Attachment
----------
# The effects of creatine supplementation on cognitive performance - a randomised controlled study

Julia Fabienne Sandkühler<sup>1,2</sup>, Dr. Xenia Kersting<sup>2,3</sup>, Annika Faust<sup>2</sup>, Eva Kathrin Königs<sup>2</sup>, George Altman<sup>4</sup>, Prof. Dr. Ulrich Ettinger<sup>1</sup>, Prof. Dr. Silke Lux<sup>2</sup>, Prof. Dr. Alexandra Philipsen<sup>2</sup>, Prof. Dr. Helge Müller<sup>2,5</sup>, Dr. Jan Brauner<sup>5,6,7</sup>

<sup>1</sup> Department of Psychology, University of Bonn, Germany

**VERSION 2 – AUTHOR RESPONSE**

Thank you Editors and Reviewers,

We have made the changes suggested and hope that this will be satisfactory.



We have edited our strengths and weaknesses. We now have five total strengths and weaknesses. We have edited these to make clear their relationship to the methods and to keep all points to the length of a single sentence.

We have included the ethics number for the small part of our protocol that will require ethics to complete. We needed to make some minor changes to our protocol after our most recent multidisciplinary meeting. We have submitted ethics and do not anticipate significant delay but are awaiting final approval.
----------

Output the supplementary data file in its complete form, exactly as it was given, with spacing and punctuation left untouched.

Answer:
# The effects of creatine supplementation on cognitive performance - a randomised controlled study

Julia Fabienne Sandkühler<sup>1,2</sup>, Dr. Xenia Kersting<sup>2,3</sup>, Annika Faust<sup>2</sup>, Eva Kathrin Königs<sup>2</sup>, George Altman<sup>4</sup>, Prof. Dr. Ulrich Ettinger<sup>1</sup>, Prof. Dr. Silke Lux<sup>2</sup>, Prof. Dr. Alexandra Philipsen<sup>2</sup>, Prof. Dr. Helge Müller<sup>2,5</sup>, Dr. Jan Brauner<sup>5,6,7</sup>

<sup>1</sup> Department of Psychology, University of Bonn, Germany

**VERSION 2 – AUTHOR RESPONSE**

Thank you Editors and Reviewers,

We have made the changes suggested and hope that this will be satisfactory.



We have edited our strengths and weaknesses. We now have five total strengths and weaknesses. We have edited these to make clear their relationship to the methods and to keep all points to the length of a single sentence.

We have included the ethics number for the small part of our protocol that will require ethics to complete. We needed to make some minor changes to our protocol after our most recent multidisciplinary meeting. We have submitted ethics and do not anticipate significant delay but are awaiting final approval.